MOSCOW (MRC) -- The recent surge in China's crude procurement activity on the back of low oil prices has led to severe port congestion in Shandong province in recent weeks, causing logistical constraints that could put brakes on the upward momentum in independent refiners' run rates and crude throughput levels, reported S&P Global.
China's crude oil imports jumped 19.2% on the year to an all-time high at 11.34 million b/d, or 47.97 million mt, in May as refiners took full advantage of ultra low crude prices and ample storage capacity.
However, the recent flurry of tankers arriving in Chinese waters could not be handled in a prompt manner due to limited port capacity, as crude futures participants and more physical traders other than the independent refiners join the queue to bring in crude barrels compared with the last few months.
As of June 24, at least 41 ships carrying a combined total of around 51.07 million barrels of crude are waiting to be discharged at Shandong ports for more than a week, trade flow tracker Kpler showed.
Making matters worse, there were at least seven cargoes of crude oil jumping the queue to deliver into storage facilities designated by the Shanghai International Energy Exchange, or INE, since late May. These cargoes have occupied the logistics resources that used to cater only for independent refineries.
The congestion in Shandong ports will likely last until end of August, and many of the country's independent refineries based in the country's eastern province may have little choice but to cut down their operating rates as feedstock deliveries to processing units and storage tanks are delayed, a Beijing-based analyst said.
Most Chinese refineries have been aggressively raising crude throughputs to take full advantage of healthy domestic refining margins since late March.
Crude throughputs at Shandong-based independent refineries have lifted to an average of 10.9 million mt/month over April-May, up 41.6% from a 7.69 million mt/month average over the January-March period. It was also 18.3% higher than the average of 9.2 million mt/month during the same period a year earlier, according to data from local information provider JLC.
The congestion has already taken its toll on several independent refineries in Shandong province.
Daily crude throughput at an 8 million mt/year Weifang-based refinery was briefly cut by half to around 10,000 mt for about two to three weeks earlier this month because of the congestion and subsequent delay in crude feedstock delivery.
The refinery typically relied on the Huangdao-Weifang crude pipeline to deliver crude oil from a Shandong port to its plant, but the pipeline is currently used to transmit crude barrels designated for INE storage tanks for physical delivery settlement on Shanghai crude futures trades.
As a result, the refinery started to find other ways to transport crude oil from oil terminals to its facilities, including by trucks and trains.
However, recent shortage of available trucks to deliver crude oil has drastically slowed the delivery process, a refinery official said.
The prolonged congestion could seriously affect operations and fuel output at many more refineries as they struggle to replenish their feedstock inventory on time, industry and market sources said.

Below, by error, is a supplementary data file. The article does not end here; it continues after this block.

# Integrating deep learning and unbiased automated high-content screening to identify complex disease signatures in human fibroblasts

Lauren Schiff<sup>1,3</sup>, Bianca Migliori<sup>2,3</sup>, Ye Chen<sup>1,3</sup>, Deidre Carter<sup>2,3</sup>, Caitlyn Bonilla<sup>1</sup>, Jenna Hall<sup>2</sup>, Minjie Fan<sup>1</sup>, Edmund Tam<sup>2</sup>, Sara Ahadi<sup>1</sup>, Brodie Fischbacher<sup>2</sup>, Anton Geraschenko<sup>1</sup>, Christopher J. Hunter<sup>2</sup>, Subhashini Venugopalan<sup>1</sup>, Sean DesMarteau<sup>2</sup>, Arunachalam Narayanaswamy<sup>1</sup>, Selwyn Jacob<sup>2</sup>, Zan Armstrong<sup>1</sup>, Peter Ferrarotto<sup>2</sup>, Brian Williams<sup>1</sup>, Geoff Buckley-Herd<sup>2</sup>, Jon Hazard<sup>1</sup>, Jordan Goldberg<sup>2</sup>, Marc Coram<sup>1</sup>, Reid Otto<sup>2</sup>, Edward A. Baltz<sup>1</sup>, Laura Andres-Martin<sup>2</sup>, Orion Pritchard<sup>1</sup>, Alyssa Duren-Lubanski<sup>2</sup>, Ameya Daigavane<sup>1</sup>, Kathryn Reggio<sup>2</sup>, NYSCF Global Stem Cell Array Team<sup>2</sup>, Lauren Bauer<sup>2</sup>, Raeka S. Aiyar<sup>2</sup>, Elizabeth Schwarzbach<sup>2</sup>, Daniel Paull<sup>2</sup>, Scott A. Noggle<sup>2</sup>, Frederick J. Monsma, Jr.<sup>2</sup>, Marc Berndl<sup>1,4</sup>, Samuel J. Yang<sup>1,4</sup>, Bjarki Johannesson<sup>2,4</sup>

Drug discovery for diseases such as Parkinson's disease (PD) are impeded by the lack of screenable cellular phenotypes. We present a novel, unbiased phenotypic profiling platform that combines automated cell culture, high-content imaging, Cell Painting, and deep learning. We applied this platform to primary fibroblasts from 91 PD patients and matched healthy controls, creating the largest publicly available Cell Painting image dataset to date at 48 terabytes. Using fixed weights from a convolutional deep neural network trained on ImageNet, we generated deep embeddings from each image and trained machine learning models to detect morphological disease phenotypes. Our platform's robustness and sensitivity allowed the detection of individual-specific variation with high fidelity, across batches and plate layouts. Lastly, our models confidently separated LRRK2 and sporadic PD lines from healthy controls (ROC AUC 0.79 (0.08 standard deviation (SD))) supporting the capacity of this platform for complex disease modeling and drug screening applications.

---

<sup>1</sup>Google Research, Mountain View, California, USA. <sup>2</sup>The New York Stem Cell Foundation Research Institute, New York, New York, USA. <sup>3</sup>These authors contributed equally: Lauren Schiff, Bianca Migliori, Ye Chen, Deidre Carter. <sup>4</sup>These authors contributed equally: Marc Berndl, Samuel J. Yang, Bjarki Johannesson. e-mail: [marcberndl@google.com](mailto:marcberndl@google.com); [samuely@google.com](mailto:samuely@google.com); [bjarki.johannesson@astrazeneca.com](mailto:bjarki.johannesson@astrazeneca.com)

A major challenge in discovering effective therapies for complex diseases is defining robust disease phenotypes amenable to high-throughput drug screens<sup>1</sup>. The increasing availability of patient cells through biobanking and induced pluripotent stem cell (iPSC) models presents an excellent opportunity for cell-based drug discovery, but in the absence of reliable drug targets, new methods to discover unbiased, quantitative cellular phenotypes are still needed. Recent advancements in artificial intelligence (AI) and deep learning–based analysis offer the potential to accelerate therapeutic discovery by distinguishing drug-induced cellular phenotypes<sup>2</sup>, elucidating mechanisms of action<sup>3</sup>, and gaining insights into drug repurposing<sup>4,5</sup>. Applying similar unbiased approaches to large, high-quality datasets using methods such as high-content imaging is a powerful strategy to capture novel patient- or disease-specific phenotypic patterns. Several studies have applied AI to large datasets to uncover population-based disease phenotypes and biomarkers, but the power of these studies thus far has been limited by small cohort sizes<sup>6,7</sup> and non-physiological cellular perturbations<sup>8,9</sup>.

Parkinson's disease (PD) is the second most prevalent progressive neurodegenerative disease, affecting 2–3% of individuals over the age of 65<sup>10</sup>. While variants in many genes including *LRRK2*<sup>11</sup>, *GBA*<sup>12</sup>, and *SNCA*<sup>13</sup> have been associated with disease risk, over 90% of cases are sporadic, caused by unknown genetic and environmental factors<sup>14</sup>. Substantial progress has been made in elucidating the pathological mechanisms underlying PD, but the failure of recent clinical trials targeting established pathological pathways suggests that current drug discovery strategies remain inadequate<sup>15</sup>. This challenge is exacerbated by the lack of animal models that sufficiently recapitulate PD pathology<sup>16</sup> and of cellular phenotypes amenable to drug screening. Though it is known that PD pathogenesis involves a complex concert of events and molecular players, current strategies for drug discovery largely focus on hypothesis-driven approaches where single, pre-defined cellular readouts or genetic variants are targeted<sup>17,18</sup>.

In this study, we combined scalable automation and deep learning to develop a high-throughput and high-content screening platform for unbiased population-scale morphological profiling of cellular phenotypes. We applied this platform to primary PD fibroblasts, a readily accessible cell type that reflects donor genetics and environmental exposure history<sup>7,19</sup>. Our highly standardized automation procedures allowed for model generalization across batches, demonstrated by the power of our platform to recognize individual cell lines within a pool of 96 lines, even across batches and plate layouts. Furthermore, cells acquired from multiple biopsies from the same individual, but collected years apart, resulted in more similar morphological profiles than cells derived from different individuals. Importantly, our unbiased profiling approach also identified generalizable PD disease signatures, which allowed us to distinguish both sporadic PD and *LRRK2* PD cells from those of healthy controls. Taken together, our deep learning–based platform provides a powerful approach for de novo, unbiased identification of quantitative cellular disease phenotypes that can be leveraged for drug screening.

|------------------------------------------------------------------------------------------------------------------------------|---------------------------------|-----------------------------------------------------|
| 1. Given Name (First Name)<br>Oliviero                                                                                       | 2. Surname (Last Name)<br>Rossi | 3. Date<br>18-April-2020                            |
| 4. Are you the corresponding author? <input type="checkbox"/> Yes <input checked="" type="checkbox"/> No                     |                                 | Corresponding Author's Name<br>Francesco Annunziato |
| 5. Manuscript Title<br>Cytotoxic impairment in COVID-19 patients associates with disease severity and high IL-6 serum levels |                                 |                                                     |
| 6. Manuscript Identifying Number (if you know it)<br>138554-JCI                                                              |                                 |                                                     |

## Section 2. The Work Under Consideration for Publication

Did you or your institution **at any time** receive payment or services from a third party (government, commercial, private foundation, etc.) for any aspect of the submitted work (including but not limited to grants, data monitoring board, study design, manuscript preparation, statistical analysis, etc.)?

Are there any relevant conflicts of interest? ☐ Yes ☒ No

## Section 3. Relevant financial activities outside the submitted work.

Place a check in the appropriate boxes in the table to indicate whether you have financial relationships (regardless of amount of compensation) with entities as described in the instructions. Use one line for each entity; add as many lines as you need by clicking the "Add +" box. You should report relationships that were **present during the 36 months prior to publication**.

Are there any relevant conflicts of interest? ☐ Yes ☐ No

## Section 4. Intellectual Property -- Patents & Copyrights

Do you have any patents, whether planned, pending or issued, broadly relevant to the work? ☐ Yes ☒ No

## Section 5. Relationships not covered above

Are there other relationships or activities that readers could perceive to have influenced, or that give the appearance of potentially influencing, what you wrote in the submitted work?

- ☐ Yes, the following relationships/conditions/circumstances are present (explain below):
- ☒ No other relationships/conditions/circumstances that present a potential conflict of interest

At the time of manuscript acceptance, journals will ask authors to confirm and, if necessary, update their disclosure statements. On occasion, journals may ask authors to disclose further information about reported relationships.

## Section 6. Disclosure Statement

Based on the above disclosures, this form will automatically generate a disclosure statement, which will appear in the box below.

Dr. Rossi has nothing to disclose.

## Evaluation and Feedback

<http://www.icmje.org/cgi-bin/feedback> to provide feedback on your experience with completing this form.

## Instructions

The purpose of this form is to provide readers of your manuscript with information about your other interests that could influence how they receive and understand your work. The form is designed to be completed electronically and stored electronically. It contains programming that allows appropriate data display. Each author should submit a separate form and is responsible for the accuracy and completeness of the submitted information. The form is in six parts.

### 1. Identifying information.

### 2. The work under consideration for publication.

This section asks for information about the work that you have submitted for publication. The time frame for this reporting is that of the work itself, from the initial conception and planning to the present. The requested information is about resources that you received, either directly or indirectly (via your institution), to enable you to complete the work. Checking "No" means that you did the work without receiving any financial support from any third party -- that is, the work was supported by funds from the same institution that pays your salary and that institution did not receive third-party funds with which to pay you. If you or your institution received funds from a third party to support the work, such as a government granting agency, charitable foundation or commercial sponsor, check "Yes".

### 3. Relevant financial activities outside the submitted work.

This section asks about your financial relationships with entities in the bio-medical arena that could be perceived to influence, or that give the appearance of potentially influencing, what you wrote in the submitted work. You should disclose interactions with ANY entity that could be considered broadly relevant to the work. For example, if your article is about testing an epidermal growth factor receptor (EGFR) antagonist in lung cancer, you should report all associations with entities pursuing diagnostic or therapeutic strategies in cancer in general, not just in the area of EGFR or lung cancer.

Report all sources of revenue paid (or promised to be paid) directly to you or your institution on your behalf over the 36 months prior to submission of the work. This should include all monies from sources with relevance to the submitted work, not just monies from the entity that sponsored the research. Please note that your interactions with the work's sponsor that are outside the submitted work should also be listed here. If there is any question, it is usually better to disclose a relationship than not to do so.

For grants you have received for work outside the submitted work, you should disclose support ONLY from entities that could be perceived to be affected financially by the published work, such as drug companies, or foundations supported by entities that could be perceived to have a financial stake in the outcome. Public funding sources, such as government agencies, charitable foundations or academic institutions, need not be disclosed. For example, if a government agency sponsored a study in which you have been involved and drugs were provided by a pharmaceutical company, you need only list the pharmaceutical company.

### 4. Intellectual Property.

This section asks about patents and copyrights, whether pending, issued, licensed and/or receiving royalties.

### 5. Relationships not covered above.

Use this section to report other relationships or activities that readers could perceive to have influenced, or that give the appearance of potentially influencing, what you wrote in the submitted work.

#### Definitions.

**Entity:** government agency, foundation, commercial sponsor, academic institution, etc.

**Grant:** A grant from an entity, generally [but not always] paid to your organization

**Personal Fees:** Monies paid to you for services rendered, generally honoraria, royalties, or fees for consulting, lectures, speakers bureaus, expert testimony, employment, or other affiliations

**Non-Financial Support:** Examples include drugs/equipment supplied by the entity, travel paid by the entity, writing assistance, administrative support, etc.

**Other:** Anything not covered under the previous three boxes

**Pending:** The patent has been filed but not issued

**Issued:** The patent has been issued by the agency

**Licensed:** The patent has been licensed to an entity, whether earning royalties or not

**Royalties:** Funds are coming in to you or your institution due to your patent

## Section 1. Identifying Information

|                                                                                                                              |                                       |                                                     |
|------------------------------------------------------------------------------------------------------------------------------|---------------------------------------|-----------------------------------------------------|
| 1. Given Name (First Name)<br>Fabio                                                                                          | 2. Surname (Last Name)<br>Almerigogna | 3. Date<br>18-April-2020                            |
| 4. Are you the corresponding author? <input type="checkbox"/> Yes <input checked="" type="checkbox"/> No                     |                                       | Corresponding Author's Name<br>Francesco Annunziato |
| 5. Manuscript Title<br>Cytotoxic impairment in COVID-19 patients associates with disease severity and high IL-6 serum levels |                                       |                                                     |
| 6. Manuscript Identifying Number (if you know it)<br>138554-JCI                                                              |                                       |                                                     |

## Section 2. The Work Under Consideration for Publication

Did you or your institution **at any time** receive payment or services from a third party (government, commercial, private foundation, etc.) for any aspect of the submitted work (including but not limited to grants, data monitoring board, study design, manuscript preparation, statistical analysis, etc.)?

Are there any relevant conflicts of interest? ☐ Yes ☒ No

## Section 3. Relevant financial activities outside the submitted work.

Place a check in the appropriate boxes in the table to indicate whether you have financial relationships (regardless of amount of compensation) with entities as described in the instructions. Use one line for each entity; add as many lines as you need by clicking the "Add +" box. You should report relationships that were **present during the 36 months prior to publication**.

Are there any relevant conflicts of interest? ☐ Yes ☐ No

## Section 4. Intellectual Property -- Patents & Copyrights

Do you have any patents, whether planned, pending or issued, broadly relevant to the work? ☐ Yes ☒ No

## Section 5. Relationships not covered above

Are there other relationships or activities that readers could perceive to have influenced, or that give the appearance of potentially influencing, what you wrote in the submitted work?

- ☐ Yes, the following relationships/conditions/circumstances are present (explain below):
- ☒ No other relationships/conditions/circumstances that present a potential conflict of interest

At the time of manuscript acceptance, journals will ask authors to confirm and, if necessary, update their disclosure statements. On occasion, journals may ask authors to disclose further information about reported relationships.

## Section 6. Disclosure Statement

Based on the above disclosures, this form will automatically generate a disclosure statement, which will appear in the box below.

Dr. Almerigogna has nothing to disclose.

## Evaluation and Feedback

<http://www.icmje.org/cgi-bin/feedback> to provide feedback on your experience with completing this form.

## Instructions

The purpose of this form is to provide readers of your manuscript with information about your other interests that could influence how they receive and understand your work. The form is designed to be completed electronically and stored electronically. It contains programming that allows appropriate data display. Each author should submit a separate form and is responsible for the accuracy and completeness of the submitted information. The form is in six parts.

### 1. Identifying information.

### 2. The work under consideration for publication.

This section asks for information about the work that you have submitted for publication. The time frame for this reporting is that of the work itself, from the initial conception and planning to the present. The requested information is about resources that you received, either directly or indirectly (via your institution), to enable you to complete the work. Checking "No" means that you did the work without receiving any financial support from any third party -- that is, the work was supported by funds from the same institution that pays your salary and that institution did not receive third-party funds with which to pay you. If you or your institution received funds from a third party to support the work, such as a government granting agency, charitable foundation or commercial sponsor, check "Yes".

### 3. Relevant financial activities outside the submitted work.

"Refineries have been running at low stocks at their facilities now, to last for about 10 days only," said a source at another Shandong-based refinery.
If the congestion continues and they cannot get enough deliveries from ports, some refineries will start to worry about their feedstock supply, sources added.
It takes at least two to three weeks for a crude cargo to be discharged these days in Yantai, and even longer time, of around 20-30 days in Rizhao and Qingdao, port officials with knowledge of the matter told S&P Global Platts.
"It will probably take until end of August to completely clear all those congested cargoes," said an official at Yantai port.
Apart from the delay in feedstock replenishment, a slip in domestic refining margins have also prompted some refineries to trim crude throughput levels.
Lanqiao Petrochemical, for one, cut its run rate slightly to around 70% in the week started June 21 from 75% earlier this month due to falling profit margins, according to a refinery source.
An analyst from JLC said the independent sector's run rates are likely to come off slightly in the week started June 21 from the recent peak, as domestic refining margins slipped to around Yuan 200-300/mt recently from Yuan 454/mt seen in May and Yuan 683/mt in April.
As MRC informed before, China is reviving a USD20 billion petrochemical project in eastern Shandong province as part of efforts to dial up infrastructure spending to support an economy struggling with the impact of the coronavirus pandemic. The 400,000 barrel-per-day (bpd) refinery and 3 million ton-per-year ethylene plant in Yantai, Shandong, the country’s hub for independent oil refineries, was proposed years ago but approval has been slowing in coming because of China’s struggle with excess refining capacity. China’s state planner, the National Development & Reform Commission (NDRC), gave initial approval in June for the project, allowing Shandong province to start planning for construction.
Ethylene and propylene are feedstocks for producing polyethylene (PE) and polypropylene (PP).
According to MRC's ScanPlast report, Russia's estimated PE consumption totalled 721,290 tonnes in the first four month of 2020, up by 4% year on year. Low density polyethylene (LDPE) and linear low density polyethylene (LLDPE) shipments grew partially because of the increased capacity utilisation at ZapSibNeftekhim. At the same time, PP shipments to the Russian market totalled 347,440 tonnes in January-April 2020 (calculated by the formula production minus export plus import). Supply exclusively of PP random copolymer increased.